Most of us know instinctively how to delegate - and I’m going to demonstrate this almost entirely by talking about sandwiches
When I was starting out in management, I was given some advice: If you’re busy, you’re doing something wrong. It didn’t make sense to me at first, but it became clear once I’d been doing the job a little while.
There are only so many hours in the day and if mine were spent doing things myself I wouldn’t be available to my team. As managers, we’re not supposed to do things. We’re supposed to make things happen.
Don’t overcomplicate it
Delegation is one of the things many people who are new to business ownership most commonly struggle with, but as it happens almost all of us know instinctively how to delegate successfully and we do it in our regular lives without even realising. It’s only at work that we tend to overcomplicate it.
I’m going to demonstrate this almost entirely by talking about sandwiches. Consider this simple request: “Can you pick me up some lunch while you’re out?” “Sure, what do you want?” “Any sandwich will do - I don’t eat eggs though.”
Believe it or not, this is an example of everything a great piece of delegation needs. It avoids all the most common pitfalls and creates the best chance of a positive outcome. It achieves this by delivering the two vital components of any successful delegation:
- Responsibility - what we want someone to achieve.
- Authority - the boundaries in which they can operate.
This delegation provided clear responsibility and it gave broad authority that prevented any bad outcomes while leaving scope for a range of good ones.
The responsibility was simply to get us lunch, but we didn’t know exactly what we wanted - we just knew that it should be a sandwich and that it shouldn’t have egg in it - so we restricted the person’s authority to ensure they met their responsibility within those boundaries. That’s all there is to successful delegation.
How not to do it
Let’s compare that to a slightly different - yet hugely inferior - way it could have been handled: “Can you pick me up some lunch while you’re out?” “Sure, what do you want?” “A club sandwich.”
This time, the person’s authority has been restricted so tightly that we have only permitted one option to meet the responsibility we gave them. This specificity does two things: it makes worse outcomes more likely and better outcomes less likely.
Let’s start with those worse outcomes. What happens if they can’t get you a club sandwich? We haven’t provided them with any of the parameters of a good decision - we’ve just given them a solitary example of one - so they’re immediately outside the scope of our influence as the delegator. In order for them to proceed, they must either call us to ask for more guidance or just pick something else and hope for the best.
If they call us, more of our time is taken up, so this is immediately a failure of delegation. But if they pick something else, with no information about the reasons we asked for a club sandwich in the first place, they might pick something we hate. We didn’t tell them that we wanted a sandwich and we didn’t tell them we don’t eat eggs. We just told them one specific way they could meet the responsibility we gave them.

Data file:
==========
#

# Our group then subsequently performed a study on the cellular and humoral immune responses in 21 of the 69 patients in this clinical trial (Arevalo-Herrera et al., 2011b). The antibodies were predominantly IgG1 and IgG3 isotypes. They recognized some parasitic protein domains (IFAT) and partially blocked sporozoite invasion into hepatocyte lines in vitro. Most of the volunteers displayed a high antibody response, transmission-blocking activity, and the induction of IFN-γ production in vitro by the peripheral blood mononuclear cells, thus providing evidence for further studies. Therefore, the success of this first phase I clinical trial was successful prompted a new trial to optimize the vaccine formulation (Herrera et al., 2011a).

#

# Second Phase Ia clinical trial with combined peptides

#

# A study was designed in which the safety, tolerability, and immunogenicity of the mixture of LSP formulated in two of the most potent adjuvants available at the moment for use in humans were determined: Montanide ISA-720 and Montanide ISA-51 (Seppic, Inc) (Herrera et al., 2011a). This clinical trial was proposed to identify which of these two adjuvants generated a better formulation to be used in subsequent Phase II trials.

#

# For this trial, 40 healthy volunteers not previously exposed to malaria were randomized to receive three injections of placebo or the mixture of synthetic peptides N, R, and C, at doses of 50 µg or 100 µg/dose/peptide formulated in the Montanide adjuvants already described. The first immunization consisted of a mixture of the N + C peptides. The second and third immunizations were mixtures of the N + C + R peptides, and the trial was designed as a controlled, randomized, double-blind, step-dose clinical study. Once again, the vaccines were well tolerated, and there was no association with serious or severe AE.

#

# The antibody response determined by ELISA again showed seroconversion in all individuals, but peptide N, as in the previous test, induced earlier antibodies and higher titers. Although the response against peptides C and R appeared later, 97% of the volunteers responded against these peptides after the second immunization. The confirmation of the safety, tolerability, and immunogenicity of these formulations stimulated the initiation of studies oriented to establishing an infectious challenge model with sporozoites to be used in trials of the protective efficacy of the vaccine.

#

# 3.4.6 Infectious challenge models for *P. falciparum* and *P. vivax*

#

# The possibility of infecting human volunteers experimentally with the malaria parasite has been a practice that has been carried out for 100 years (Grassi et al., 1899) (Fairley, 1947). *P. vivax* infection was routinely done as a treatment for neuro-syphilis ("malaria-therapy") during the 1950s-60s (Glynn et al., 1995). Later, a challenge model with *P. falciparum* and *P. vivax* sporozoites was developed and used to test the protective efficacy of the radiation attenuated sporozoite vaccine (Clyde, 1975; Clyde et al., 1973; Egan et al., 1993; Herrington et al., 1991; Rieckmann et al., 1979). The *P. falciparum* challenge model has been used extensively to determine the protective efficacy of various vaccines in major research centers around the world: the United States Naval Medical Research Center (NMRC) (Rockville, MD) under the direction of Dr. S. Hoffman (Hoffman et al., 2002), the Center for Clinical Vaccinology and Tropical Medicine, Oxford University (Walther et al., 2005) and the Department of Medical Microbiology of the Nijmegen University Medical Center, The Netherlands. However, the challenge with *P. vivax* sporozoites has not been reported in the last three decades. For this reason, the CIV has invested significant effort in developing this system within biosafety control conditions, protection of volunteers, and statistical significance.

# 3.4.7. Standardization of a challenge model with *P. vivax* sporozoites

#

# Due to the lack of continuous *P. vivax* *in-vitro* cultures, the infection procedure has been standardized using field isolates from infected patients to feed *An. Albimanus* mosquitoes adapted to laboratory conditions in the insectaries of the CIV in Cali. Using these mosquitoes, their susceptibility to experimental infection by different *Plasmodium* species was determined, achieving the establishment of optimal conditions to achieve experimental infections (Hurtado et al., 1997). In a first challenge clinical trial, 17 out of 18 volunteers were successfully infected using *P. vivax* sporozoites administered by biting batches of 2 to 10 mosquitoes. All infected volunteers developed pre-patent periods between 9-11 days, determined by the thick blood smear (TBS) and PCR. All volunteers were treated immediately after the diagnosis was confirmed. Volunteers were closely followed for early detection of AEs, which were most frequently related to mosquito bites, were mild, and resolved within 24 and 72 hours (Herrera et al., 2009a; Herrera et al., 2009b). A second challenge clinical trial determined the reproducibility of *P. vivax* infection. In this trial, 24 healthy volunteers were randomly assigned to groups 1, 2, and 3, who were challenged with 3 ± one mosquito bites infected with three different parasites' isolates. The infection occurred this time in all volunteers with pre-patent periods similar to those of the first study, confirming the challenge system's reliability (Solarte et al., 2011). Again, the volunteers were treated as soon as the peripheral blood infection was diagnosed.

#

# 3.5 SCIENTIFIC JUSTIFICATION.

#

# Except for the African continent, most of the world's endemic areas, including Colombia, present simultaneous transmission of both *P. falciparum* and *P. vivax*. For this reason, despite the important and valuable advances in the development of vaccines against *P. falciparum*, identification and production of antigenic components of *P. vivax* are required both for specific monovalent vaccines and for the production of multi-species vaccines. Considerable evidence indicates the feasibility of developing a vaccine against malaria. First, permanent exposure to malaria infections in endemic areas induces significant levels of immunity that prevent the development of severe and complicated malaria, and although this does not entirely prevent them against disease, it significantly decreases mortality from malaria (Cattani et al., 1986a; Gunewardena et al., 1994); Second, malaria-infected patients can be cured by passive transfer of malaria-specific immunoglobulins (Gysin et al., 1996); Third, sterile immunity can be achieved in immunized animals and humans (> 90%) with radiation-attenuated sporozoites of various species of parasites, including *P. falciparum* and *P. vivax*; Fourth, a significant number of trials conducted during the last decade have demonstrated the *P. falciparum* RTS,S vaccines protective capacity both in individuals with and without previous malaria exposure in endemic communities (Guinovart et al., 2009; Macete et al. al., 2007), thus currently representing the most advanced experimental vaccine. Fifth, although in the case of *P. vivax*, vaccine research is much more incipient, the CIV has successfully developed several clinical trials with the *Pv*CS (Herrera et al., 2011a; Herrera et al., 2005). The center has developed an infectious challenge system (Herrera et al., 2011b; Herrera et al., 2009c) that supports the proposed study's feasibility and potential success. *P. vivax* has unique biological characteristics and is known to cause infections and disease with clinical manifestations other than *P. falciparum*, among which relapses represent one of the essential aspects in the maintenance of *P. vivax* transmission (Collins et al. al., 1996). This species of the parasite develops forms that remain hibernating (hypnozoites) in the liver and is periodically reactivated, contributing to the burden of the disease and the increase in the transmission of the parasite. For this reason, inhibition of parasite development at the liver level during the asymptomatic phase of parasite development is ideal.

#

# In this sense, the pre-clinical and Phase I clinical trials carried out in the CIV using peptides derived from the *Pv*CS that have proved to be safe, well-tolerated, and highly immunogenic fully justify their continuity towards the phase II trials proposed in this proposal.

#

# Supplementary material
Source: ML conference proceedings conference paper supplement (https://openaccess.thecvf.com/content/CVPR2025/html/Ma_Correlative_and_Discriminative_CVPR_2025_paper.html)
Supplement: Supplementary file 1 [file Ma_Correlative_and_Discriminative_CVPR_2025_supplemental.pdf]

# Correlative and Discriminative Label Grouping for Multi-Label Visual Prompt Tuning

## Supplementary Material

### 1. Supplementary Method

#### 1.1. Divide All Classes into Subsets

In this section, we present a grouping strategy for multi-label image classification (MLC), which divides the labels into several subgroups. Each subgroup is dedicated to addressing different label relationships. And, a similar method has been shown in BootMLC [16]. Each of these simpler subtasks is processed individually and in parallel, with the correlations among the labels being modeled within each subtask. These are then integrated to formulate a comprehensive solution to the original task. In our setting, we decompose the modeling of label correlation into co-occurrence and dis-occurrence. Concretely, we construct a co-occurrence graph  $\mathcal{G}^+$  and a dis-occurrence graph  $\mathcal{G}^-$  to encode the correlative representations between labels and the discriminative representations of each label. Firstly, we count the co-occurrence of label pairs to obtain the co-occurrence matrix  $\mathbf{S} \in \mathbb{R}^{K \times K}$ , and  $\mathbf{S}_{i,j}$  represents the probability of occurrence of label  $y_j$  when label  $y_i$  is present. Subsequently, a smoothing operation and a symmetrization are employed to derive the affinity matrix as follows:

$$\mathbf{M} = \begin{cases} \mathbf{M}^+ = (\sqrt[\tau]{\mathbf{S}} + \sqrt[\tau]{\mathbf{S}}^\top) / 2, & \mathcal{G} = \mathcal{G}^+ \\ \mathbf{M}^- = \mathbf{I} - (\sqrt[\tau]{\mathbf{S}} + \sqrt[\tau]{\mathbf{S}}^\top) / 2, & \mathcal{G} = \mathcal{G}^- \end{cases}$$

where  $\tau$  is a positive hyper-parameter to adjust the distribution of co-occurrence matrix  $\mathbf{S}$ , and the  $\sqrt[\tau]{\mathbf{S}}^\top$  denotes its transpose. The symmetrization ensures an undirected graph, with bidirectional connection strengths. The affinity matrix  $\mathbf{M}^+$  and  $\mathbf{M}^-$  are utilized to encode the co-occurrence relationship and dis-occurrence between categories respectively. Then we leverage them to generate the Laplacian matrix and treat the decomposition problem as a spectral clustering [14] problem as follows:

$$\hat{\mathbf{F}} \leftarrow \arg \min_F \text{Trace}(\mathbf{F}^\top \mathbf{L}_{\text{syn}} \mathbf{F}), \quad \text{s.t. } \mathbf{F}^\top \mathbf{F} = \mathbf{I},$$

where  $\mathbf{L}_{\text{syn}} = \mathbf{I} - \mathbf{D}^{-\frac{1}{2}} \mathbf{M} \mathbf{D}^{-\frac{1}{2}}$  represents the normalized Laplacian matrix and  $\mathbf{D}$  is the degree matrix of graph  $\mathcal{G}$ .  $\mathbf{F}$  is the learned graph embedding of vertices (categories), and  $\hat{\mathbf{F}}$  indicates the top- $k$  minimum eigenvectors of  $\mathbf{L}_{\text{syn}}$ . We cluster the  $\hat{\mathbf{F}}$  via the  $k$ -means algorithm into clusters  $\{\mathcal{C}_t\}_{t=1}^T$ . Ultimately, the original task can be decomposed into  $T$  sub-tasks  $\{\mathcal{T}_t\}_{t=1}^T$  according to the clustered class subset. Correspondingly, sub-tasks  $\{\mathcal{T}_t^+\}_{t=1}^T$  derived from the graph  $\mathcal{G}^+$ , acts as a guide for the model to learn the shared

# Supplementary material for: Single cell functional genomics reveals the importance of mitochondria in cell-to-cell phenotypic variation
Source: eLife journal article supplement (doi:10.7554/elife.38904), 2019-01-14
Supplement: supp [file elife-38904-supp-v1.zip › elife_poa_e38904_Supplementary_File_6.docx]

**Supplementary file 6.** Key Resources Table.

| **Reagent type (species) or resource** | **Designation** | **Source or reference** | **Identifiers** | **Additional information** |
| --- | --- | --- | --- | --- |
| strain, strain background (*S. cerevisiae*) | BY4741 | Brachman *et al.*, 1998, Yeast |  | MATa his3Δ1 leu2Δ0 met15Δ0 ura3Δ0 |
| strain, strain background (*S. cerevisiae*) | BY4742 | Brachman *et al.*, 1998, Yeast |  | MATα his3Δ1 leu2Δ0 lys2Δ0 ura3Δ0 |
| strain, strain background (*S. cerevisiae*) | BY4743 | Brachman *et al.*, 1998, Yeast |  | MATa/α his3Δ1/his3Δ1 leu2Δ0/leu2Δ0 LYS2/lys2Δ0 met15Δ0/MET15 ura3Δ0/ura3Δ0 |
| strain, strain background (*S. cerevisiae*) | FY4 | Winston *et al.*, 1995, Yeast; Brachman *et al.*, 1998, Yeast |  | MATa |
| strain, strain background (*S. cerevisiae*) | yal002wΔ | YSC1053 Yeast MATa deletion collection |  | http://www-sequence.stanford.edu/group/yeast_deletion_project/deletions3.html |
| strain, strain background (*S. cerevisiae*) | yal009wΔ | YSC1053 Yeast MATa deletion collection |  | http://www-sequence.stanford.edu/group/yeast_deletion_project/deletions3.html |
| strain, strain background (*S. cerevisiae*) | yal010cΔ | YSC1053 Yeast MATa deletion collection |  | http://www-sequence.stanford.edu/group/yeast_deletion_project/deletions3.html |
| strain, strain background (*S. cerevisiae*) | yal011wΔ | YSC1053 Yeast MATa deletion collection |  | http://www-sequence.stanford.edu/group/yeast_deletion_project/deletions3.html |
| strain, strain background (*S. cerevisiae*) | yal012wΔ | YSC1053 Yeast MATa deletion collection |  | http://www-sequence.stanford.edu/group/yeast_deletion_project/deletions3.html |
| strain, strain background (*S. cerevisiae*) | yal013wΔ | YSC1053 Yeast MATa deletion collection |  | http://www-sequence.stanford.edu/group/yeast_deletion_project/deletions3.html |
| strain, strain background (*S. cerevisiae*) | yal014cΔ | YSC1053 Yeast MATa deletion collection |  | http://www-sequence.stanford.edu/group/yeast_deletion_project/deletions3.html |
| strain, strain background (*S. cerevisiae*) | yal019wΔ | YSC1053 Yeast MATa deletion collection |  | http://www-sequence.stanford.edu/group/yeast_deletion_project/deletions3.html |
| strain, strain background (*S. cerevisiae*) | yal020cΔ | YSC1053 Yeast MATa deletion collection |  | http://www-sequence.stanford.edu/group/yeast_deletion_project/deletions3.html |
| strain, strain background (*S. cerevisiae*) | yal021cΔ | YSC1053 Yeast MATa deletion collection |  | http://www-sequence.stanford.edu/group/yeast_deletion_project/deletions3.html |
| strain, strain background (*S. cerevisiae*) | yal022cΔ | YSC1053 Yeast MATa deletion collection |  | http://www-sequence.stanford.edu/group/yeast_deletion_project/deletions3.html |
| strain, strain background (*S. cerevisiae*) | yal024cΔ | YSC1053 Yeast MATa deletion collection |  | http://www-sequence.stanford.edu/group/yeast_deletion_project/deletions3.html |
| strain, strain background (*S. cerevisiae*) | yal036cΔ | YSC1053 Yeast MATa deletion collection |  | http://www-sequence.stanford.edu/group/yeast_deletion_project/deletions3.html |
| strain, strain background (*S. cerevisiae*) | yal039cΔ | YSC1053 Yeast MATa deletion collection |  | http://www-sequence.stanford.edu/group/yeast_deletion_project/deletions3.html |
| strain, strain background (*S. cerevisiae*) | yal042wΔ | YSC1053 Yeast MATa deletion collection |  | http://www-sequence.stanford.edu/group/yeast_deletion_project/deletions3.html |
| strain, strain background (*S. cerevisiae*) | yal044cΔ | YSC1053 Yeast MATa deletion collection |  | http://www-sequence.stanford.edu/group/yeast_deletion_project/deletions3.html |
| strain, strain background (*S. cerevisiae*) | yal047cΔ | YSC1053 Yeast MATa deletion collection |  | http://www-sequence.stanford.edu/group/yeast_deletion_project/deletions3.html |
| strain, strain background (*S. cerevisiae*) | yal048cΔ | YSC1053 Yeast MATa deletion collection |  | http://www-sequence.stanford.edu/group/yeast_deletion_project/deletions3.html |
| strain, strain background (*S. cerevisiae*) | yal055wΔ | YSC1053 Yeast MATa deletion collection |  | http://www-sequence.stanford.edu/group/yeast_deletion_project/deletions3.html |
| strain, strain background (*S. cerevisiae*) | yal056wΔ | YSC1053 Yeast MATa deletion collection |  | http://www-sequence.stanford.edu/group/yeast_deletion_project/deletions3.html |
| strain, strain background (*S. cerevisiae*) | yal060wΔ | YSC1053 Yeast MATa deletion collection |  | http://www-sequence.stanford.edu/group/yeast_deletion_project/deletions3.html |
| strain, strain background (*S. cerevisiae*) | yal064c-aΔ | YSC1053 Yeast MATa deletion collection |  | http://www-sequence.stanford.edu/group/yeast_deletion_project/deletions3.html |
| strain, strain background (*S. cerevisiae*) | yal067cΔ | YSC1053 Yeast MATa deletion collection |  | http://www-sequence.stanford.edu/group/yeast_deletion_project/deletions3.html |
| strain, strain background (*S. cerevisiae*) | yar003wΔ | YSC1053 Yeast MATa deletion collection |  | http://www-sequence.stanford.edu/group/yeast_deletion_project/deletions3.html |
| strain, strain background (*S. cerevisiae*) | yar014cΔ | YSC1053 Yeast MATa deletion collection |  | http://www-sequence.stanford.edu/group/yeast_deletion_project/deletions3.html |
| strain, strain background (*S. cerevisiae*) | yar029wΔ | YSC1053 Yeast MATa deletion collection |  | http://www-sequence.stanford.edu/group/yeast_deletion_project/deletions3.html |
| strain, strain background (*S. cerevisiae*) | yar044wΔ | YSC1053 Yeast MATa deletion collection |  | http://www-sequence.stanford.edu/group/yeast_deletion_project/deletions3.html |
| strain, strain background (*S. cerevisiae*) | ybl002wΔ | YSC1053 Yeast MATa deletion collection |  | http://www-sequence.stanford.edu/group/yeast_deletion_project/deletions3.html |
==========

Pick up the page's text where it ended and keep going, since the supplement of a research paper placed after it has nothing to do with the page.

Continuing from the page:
Even if they’re able to meet the responsibility the way we requested, things can still go wrong. Let’s say they get us the sandwich we asked for, but at the same time they get themselves an amazing sandwich that the place they visited is famous for.
When they come back and give us our boring sandwich, we will look at theirs with envy. We only asked for a club sandwich because it was safe and easy. We didn’t want to spend ages thinking about what to eat because we were really busy.
So instead of trusting them to think and relying on them to make a good decision for us, we threw out the first acceptable solution we could think of. It wasn’t like we were specifically craving a club sandwich, we just didn’t know about this amazing one.
If we’d just said “any sandwich that doesn’t have egg in it”, then we’d have ended up with a great sandwich. The person who was going out to get lunch had access to all the options and they had all the information we didn’t have.
They were far better placed to make a great decision for us. All they needed was the parameters of what a good decision would have looked like for us.
If we’d given them those, they could have applied their knowledge and situational information and made a great decision for us. Instead, we just gave them one example of an acceptable decision and we got the mediocrity we asked for.
Use the broadest authority
This is what happens when you delegate with restricted authority. When you tell people exactly what to do, you deny yourself the benefit of their knowledge and ability. But when you delegate with the broadest authority possible and provide people with the parameters of a good decision, you make worse outcomes less likely, better ones more likely and life easier for everyone.
I sometimes think of the authority I give people when I delegate as if it were a fence I place around their responsibility. The fence doesn’t just prevent the bad outcomes, it also gives them confidence to know that as long as they stay within the boundaries of that fence the decisions they make are okay with me.
Autonomy is one of the four vital things we all need from work in order to be fully engaged. Successful delegation is crucial when it comes to providing autonomy, so it’s a skill every business owner should master.
It can be tempting to attempt to control the exact outcomes when you delegate. But it doesn’t work. If you try to do that, you’re going to end up constantly disappointed and very busy. And as someone once told me: if you’re busy, you’re doing something wrong.
Matt Casey is a management expert, the co-founder of DoThings.io and author of The Management Delusion: What If We’re Doing it All Wrong?.